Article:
Funerary cone of the Steward Khons - 993x2.79_1


Funerary cone of the Steward Khons

Medium:Unfired stamped clay
Geography: Undetermined Theban Tomb, Luxor, Egypt
Date: c. 1550-1069 BC
Period: 18th-20th Dynasty, New Kingdom
7.5 × 13 cm
Object number: 993X2.79
Not on view

Funerary cones are largely a New Kingdom Theban phenomenon, They are usually hand-made of clay and the flat base of the cone is impressed with a seal containing the name and titles of the tomb owner, which therefore appear in relief. The cones seem to have originally been placed above the entrance of the owner's tomb, with the pointed end inserted into the ground or plaster and the flat end being visible to those visiting the tomb. Friezes made of upward of 300 cones seem to have formed exterior decoration of many of the Theban tombs, especially in the 18th Dynasty. Representations of these cone friezes have been found in some of the Theban tombs. Unfortunately, none of the actual cone friezes remain intact today. Cones have been found in at least one instance lining the court of a tomb.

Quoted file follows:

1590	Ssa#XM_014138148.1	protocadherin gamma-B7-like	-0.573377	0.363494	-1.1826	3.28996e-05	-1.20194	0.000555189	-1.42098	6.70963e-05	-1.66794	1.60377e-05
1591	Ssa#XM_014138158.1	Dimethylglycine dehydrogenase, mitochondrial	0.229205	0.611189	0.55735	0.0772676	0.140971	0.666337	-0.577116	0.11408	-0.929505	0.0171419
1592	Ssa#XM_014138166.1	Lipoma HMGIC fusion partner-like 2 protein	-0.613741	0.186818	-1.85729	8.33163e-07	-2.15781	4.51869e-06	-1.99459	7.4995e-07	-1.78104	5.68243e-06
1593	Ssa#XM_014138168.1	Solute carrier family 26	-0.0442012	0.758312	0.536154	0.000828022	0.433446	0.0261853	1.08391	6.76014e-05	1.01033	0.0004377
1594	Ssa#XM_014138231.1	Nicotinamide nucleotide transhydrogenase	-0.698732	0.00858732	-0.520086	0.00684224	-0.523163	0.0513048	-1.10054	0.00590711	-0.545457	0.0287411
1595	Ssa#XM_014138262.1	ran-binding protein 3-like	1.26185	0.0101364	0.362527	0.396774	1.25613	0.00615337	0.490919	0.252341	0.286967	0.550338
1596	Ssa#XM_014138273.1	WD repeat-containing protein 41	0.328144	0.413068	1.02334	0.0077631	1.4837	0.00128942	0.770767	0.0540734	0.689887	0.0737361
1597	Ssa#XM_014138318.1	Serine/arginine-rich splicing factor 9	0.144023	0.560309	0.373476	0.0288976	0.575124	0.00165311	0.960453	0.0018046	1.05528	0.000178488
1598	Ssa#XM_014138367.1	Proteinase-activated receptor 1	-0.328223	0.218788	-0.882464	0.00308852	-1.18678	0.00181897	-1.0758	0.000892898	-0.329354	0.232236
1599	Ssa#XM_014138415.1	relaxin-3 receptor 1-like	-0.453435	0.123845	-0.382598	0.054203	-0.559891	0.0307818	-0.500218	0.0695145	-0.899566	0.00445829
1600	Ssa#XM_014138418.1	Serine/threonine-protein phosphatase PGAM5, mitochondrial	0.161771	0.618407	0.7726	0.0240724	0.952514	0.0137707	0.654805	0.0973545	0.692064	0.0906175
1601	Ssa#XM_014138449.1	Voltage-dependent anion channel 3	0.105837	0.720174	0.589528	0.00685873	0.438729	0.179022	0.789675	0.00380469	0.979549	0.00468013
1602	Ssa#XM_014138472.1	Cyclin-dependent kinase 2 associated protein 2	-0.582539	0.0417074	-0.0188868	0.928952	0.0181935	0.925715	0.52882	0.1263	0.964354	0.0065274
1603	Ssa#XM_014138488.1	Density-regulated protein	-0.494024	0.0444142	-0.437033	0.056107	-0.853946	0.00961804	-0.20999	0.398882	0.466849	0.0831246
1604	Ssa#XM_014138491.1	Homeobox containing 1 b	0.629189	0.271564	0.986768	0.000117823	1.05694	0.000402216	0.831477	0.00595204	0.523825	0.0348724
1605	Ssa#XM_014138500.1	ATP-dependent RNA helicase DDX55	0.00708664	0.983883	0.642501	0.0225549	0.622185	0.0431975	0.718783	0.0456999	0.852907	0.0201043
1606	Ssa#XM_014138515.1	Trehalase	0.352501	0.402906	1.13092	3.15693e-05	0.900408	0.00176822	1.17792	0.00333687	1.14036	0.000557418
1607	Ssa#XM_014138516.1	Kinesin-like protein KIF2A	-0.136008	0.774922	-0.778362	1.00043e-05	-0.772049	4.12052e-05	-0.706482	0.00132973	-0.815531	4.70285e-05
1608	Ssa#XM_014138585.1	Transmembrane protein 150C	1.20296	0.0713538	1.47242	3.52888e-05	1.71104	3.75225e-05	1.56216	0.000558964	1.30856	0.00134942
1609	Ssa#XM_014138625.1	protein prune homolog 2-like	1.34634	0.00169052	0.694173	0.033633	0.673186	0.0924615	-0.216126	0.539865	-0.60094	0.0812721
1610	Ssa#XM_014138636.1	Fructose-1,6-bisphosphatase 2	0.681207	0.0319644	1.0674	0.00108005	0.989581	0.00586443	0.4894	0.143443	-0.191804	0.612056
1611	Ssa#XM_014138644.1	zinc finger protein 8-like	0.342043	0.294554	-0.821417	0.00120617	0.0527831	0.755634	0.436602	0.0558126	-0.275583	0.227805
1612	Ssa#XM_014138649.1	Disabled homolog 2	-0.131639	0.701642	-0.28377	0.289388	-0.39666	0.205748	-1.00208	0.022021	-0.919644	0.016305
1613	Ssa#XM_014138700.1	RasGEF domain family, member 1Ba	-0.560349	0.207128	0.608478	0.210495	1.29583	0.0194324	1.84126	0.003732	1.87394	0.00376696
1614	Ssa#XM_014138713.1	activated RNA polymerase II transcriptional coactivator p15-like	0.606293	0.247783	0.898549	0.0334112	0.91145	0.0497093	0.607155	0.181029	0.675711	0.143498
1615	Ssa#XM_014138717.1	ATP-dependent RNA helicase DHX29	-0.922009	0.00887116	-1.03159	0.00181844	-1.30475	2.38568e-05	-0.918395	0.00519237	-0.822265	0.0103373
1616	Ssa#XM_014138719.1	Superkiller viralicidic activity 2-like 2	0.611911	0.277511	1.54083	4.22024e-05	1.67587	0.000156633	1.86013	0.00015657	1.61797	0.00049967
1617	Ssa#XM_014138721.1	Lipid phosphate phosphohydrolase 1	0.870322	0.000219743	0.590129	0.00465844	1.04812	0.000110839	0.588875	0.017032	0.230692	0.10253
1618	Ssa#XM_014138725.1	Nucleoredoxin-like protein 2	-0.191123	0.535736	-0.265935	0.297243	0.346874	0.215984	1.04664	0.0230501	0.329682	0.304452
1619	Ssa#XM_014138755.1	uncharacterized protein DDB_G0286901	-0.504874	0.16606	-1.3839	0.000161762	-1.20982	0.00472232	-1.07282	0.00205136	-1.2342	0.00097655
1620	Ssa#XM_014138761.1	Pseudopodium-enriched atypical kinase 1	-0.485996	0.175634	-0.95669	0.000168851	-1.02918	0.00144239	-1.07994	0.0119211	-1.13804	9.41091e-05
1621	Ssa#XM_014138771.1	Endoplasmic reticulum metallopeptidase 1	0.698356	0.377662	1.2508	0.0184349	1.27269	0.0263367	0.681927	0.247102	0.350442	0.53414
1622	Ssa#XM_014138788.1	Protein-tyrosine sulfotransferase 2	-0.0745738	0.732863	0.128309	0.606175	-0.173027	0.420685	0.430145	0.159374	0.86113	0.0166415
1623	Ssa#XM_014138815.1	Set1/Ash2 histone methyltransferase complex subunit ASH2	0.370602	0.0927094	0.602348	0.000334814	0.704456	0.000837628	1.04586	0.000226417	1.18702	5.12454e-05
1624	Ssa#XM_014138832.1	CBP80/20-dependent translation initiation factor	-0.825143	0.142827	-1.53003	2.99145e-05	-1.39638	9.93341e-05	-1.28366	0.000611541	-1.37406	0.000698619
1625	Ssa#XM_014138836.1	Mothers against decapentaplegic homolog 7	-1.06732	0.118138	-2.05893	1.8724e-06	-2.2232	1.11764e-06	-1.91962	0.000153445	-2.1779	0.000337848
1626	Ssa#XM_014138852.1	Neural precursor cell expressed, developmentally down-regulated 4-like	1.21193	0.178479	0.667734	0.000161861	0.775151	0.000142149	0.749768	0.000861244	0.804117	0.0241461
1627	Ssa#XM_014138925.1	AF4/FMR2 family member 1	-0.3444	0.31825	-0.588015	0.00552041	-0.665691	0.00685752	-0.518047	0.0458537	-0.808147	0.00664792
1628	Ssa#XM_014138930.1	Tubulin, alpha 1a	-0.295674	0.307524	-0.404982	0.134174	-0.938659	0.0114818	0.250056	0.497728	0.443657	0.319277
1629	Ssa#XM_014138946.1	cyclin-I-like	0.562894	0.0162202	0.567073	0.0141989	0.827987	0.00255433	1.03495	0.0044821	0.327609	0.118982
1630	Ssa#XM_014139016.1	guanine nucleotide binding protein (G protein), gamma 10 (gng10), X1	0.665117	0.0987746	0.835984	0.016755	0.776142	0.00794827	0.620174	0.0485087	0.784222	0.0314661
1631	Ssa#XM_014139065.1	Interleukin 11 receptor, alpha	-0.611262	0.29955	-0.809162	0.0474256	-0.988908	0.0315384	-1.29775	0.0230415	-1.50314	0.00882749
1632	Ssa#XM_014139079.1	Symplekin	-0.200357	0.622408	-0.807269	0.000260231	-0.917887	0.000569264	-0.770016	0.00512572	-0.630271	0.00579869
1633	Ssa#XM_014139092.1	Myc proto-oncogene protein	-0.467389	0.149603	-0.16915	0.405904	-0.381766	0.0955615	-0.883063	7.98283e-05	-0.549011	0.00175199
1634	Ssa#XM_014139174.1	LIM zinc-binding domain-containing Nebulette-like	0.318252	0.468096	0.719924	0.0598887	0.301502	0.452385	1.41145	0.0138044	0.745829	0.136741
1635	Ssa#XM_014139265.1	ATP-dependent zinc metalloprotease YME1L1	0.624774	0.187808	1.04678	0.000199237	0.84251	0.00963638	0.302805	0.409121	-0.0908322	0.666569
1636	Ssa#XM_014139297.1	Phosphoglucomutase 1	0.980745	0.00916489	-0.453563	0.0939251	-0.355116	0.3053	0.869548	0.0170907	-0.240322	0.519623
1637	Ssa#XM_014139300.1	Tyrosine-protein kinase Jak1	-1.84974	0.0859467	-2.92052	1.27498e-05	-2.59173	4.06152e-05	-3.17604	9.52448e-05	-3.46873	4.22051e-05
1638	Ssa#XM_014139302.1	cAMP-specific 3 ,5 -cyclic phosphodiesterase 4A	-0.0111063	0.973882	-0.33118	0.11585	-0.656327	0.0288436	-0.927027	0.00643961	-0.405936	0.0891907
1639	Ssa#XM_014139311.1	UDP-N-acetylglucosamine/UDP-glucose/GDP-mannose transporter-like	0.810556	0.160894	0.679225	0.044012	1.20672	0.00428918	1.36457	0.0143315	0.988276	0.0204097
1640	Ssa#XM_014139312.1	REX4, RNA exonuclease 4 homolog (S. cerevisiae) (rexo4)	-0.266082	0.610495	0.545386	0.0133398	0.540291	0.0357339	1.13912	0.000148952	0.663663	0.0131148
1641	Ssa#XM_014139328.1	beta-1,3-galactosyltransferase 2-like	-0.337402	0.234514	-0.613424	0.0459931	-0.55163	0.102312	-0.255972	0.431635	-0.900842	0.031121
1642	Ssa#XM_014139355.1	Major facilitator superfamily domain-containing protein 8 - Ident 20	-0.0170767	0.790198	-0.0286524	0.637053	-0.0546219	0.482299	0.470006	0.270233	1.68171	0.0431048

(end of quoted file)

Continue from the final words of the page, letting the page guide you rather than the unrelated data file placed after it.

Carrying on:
This funerary cone is made of Nile silt, hand-shaped with an impression of a small oval seal at the wide end. The seal impression is 5.5 x 3 cm. The seal impression inidcates that the cone belongs to the Steward Khons. Unfortunately we do not know the exact location of this man's tomb, although other funerary cones of his have been found in the Theban necropolis. In the middle of the circular face a small hole has been drilled (diameter 2 cm). Chips are missing from surface of cone. The cone is broken off at the end.

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